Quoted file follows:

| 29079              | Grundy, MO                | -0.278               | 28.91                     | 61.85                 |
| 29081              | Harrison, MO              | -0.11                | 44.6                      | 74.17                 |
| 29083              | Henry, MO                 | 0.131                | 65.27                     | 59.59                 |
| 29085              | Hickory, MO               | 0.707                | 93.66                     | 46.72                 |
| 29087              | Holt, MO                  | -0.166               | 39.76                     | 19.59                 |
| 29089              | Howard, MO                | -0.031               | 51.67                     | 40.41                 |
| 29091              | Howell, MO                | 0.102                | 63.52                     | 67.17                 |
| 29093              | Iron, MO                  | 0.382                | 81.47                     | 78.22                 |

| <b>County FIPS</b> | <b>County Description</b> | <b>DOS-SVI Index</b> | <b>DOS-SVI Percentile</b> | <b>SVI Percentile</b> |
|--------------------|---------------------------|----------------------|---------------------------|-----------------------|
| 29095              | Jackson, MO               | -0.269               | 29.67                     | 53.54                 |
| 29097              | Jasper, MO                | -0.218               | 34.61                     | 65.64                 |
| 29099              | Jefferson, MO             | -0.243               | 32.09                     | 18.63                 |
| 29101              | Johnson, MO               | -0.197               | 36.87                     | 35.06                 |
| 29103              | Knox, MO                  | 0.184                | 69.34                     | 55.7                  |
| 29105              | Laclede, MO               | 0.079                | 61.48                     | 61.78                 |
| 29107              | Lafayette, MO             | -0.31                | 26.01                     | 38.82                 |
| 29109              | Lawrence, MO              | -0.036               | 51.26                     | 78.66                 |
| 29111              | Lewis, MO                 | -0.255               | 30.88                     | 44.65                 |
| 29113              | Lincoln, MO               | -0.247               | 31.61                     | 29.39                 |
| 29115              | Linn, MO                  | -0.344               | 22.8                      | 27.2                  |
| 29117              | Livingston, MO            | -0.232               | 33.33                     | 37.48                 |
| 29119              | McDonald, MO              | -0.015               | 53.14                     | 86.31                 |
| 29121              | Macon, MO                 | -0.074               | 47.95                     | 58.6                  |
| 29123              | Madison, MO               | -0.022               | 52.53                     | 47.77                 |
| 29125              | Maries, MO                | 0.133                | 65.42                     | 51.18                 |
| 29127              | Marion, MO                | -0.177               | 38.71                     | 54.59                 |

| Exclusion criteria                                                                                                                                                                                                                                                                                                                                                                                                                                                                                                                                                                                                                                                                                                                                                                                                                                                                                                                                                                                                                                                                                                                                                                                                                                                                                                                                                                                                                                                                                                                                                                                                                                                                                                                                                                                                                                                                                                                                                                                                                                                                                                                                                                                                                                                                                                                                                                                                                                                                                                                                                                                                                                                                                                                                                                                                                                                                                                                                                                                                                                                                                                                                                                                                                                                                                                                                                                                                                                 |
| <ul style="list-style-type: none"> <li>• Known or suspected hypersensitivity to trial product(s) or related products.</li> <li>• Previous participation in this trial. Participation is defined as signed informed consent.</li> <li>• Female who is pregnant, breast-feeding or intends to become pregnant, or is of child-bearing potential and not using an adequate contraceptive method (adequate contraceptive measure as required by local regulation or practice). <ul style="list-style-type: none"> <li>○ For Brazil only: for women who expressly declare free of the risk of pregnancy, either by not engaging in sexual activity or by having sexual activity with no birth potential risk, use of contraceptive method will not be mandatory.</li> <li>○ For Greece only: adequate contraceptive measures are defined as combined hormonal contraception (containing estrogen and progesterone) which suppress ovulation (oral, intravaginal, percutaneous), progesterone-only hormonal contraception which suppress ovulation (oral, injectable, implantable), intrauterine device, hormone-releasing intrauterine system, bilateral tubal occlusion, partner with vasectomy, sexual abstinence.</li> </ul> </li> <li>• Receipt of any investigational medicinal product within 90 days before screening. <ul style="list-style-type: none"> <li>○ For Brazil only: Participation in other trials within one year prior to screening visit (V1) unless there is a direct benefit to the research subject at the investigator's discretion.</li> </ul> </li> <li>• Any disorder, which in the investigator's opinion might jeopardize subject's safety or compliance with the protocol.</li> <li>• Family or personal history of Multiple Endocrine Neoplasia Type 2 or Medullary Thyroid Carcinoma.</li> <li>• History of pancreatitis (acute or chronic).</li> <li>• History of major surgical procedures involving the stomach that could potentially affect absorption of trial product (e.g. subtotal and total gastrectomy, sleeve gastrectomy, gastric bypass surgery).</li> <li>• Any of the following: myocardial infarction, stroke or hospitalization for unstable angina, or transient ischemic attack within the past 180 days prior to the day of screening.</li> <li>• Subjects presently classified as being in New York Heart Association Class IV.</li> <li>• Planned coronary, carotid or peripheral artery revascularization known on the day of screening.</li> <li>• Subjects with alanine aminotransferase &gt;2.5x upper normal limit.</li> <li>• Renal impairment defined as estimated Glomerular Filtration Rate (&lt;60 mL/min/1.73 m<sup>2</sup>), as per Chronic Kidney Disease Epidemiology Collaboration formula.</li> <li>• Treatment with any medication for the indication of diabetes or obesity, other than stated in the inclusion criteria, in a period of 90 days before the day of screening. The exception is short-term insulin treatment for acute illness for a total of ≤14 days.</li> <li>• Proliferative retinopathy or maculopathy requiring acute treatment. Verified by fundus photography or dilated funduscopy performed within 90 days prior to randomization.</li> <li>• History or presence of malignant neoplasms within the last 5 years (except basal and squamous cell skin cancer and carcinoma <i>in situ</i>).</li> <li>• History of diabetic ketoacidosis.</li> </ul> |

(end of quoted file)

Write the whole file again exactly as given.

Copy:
| 29079              | Grundy, MO                | -0.278               | 28.91                     | 61.85                 |
| 29081              | Harrison, MO              | -0.11                | 44.6                      | 74.17                 |
| 29083              | Henry, MO                 | 0.131                | 65.27                     | 59.59                 |
| 29085              | Hickory, MO               | 0.707                | 93.66                     | 46.72                 |
| 29087              | Holt, MO                  | -0.166               | 39.76                     | 19.59                 |
| 29089              | Howard, MO                | -0.031               | 51.67                     | 40.41                 |
| 29091              | Howell, MO                | 0.102                | 63.52                     | 67.17                 |
| 29093              | Iron, MO                  | 0.382                | 81.47                     | 78.22                 |

| <b>County FIPS</b> | <b>County Description</b> | <b>DOS-SVI Index</b> | <b>DOS-SVI Percentile</b> | <b>SVI Percentile</b> |
|--------------------|---------------------------|----------------------|---------------------------|-----------------------|
| 29095              | Jackson, MO               | -0.269               | 29.67                     | 53.54                 |
| 29097              | Jasper, MO                | -0.218               | 34.61                     | 65.64                 |
| 29099              | Jefferson, MO             | -0.243               | 32.09                     | 18.63                 |
| 29101              | Johnson, MO               | -0.197               | 36.87                     | 35.06                 |
| 29103              | Knox, MO                  | 0.184                | 69.34                     | 55.7                  |
| 29105              | Laclede, MO               | 0.079                | 61.48                     | 61.78                 |
| 29107              | Lafayette, MO             | -0.31                | 26.01                     | 38.82                 |
| 29109              | Lawrence, MO              | -0.036               | 51.26                     | 78.66                 |
| 29111              | Lewis, MO                 | -0.255               | 30.88                     | 44.65                 |
| 29113              | Lincoln, MO               | -0.247               | 31.61                     | 29.39                 |
| 29115              | Linn, MO                  | -0.344               | 22.8                      | 27.2                  |
| 29117              | Livingston, MO            | -0.232               | 33.33                     | 37.48                 |
| 29119              | McDonald, MO              | -0.015               | 53.14                     | 86.31                 |
| 29121              | Macon, MO                 | -0.074               | 47.95                     | 58.6                  |
| 29123              | Madison, MO               | -0.022               | 52.53                     | 47.77                 |
| 29125              | Maries, MO                | 0.133                | 65.42                     | 51.18                 |
| 29127              | Marion, MO                | -0.177               | 38.71                     | 54.59                 |

| Exclusion criteria                                                                                                                                                                                                                                                                                                                                                                                                                                                                                                                                                                                                                                                                                                                                                                                                                                                                                                                                                                                                                                                                                                                                                                                                                                                                                                                                                                                                                                                                                                                                                                                                                                                                                                                                                                                                                                                                                                                                                                                                                                                                                                                                                                                                                                                                                                                                                                                                                                                                                                                                                                                                                                                                                                                                                                                                                                                                                                                                                                                                                                                                                                                                                                                                                                                                                                                                                                                                                                 |
| <ul style="list-style-type: none"> <li>• Known or suspected hypersensitivity to trial product(s) or related products.</li> <li>• Previous participation in this trial. Participation is defined as signed informed consent.</li> <li>• Female who is pregnant, breast-feeding or intends to become pregnant, or is of child-bearing potential and not using an adequate contraceptive method (adequate contraceptive measure as required by local regulation or practice). <ul style="list-style-type: none"> <li>○ For Brazil only: for women who expressly declare free of the risk of pregnancy, either by not engaging in sexual activity or by having sexual activity with no birth potential risk, use of contraceptive method will not be mandatory.</li> <li>○ For Greece only: adequate contraceptive measures are defined as combined hormonal contraception (containing estrogen and progesterone) which suppress ovulation (oral, intravaginal, percutaneous), progesterone-only hormonal contraception which suppress ovulation (oral, injectable, implantable), intrauterine device, hormone-releasing intrauterine system, bilateral tubal occlusion, partner with vasectomy, sexual abstinence.</li> </ul> </li> <li>• Receipt of any investigational medicinal product within 90 days before screening. <ul style="list-style-type: none"> <li>○ For Brazil only: Participation in other trials within one year prior to screening visit (V1) unless there is a direct benefit to the research subject at the investigator's discretion.</li> </ul> </li> <li>• Any disorder, which in the investigator's opinion might jeopardize subject's safety or compliance with the protocol.</li> <li>• Family or personal history of Multiple Endocrine Neoplasia Type 2 or Medullary Thyroid Carcinoma.</li> <li>• History of pancreatitis (acute or chronic).</li> <li>• History of major surgical procedures involving the stomach that could potentially affect absorption of trial product (e.g. subtotal and total gastrectomy, sleeve gastrectomy, gastric bypass surgery).</li> <li>• Any of the following: myocardial infarction, stroke or hospitalization for unstable angina, or transient ischemic attack within the past 180 days prior to the day of screening.</li> <li>• Subjects presently classified as being in New York Heart Association Class IV.</li> <li>• Planned coronary, carotid or peripheral artery revascularization known on the day of screening.</li> <li>• Subjects with alanine aminotransferase &gt;2.5x upper normal limit.</li> <li>• Renal impairment defined as estimated Glomerular Filtration Rate (&lt;60 mL/min/1.73 m<sup>2</sup>), as per Chronic Kidney Disease Epidemiology Collaboration formula.</li> <li>• Treatment with any medication for the indication of diabetes or obesity, other than stated in the inclusion criteria, in a period of 90 days before the day of screening. The exception is short-term insulin treatment for acute illness for a total of ≤14 days.</li> <li>• Proliferative retinopathy or maculopathy requiring acute treatment. Verified by fundus photography or dilated funduscopy performed within 90 days prior to randomization.</li> <li>• History or presence of malignant neoplasms within the last 5 years (except basal and squamous cell skin cancer and carcinoma <i>in situ</i>).</li> <li>• History of diabetic ketoacidosis.</li> </ul> |